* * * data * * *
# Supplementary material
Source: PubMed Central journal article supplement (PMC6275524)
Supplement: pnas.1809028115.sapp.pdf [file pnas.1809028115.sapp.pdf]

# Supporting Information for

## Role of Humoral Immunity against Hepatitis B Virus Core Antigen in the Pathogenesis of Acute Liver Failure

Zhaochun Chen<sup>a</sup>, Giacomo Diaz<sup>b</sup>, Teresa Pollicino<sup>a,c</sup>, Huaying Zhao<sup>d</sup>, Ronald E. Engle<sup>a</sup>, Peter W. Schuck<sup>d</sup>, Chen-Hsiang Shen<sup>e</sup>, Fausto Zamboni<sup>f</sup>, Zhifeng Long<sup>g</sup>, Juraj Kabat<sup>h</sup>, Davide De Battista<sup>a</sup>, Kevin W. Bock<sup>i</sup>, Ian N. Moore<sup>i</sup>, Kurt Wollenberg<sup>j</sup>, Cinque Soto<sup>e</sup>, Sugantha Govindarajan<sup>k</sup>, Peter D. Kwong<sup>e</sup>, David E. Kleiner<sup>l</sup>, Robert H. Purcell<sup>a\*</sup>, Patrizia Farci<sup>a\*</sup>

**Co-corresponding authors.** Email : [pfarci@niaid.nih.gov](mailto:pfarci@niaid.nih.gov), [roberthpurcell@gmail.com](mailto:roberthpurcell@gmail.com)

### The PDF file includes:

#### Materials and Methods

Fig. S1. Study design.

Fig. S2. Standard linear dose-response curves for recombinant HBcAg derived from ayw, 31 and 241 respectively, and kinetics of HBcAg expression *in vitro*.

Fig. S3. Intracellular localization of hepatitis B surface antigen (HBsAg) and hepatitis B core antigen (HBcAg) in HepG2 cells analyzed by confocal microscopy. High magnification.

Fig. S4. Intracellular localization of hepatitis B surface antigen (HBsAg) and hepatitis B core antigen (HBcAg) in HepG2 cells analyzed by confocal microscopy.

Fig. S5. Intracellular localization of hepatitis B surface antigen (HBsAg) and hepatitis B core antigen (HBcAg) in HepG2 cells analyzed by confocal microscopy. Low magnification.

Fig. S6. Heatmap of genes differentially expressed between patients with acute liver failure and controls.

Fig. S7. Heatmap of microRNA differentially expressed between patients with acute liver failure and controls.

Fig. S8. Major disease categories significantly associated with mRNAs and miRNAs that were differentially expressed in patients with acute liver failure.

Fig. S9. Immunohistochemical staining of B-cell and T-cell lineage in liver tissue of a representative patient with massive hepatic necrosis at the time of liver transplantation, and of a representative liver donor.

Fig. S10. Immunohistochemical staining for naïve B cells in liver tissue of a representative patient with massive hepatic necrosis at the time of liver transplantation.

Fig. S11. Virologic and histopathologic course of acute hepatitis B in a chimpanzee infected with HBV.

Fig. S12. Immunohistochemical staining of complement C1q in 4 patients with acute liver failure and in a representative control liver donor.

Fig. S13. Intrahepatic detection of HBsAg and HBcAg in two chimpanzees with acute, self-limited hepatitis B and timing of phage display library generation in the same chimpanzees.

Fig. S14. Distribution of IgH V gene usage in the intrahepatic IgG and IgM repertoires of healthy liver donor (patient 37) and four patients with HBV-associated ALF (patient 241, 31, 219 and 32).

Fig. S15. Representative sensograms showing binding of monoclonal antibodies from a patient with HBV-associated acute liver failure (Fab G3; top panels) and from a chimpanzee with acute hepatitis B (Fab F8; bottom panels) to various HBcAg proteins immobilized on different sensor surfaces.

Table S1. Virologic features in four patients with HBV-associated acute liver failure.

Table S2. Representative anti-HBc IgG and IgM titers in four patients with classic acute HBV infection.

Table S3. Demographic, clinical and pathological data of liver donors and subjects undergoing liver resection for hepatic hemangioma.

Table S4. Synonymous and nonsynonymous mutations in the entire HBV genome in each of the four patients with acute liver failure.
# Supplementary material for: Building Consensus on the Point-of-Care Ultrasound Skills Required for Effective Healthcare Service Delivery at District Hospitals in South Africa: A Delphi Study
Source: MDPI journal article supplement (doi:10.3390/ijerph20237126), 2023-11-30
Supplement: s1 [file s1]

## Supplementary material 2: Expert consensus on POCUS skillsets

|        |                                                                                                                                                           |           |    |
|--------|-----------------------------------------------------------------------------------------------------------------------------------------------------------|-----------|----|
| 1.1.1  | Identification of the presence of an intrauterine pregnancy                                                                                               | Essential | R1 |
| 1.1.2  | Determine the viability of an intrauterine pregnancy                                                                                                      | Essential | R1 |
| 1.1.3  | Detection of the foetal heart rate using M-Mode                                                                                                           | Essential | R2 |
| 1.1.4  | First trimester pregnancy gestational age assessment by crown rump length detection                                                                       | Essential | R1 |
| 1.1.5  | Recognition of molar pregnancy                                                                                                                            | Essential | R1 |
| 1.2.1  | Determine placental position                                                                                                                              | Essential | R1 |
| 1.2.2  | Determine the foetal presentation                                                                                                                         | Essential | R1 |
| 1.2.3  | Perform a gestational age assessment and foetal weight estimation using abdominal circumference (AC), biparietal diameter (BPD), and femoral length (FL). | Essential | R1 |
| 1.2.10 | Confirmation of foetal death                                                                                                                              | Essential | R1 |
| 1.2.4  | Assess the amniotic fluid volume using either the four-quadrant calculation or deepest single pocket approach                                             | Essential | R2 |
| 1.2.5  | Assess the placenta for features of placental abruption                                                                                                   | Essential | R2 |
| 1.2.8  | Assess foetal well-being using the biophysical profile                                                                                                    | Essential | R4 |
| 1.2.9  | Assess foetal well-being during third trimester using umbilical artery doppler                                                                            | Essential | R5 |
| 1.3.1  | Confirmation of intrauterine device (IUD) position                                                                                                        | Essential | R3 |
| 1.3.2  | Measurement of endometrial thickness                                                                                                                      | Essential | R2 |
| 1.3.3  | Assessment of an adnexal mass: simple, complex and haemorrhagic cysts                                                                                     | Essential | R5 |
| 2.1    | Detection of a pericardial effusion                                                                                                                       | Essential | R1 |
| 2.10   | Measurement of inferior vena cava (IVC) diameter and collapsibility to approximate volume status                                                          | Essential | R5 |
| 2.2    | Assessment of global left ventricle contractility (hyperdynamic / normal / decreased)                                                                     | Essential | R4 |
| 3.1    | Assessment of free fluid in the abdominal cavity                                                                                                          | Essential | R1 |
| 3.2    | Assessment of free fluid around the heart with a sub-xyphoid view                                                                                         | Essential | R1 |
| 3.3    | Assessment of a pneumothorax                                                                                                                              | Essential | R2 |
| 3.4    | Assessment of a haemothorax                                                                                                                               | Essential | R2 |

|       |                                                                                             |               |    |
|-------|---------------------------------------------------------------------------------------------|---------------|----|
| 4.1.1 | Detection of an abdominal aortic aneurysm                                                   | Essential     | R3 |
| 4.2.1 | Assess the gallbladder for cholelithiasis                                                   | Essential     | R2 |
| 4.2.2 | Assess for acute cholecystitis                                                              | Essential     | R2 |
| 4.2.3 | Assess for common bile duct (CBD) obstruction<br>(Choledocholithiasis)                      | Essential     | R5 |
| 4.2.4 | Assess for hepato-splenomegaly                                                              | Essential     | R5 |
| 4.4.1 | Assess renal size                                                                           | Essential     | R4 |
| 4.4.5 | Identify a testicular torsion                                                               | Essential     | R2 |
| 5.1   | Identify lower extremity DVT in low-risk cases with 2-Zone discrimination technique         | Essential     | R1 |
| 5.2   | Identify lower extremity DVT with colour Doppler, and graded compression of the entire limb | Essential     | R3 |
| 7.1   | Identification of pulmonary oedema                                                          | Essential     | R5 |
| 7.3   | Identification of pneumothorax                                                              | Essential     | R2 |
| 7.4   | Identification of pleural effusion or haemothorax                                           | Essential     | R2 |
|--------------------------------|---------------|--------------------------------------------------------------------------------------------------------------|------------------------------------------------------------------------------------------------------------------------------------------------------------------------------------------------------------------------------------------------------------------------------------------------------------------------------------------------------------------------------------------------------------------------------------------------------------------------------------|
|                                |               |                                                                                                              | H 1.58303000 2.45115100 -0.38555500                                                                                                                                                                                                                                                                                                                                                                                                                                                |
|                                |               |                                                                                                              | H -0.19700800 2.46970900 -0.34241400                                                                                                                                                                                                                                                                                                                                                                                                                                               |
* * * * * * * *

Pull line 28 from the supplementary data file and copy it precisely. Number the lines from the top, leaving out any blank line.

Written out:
Table S4. Synonymous and nonsynonymous mutations in the entire HBV genome in each of the four patients with acute liver failure.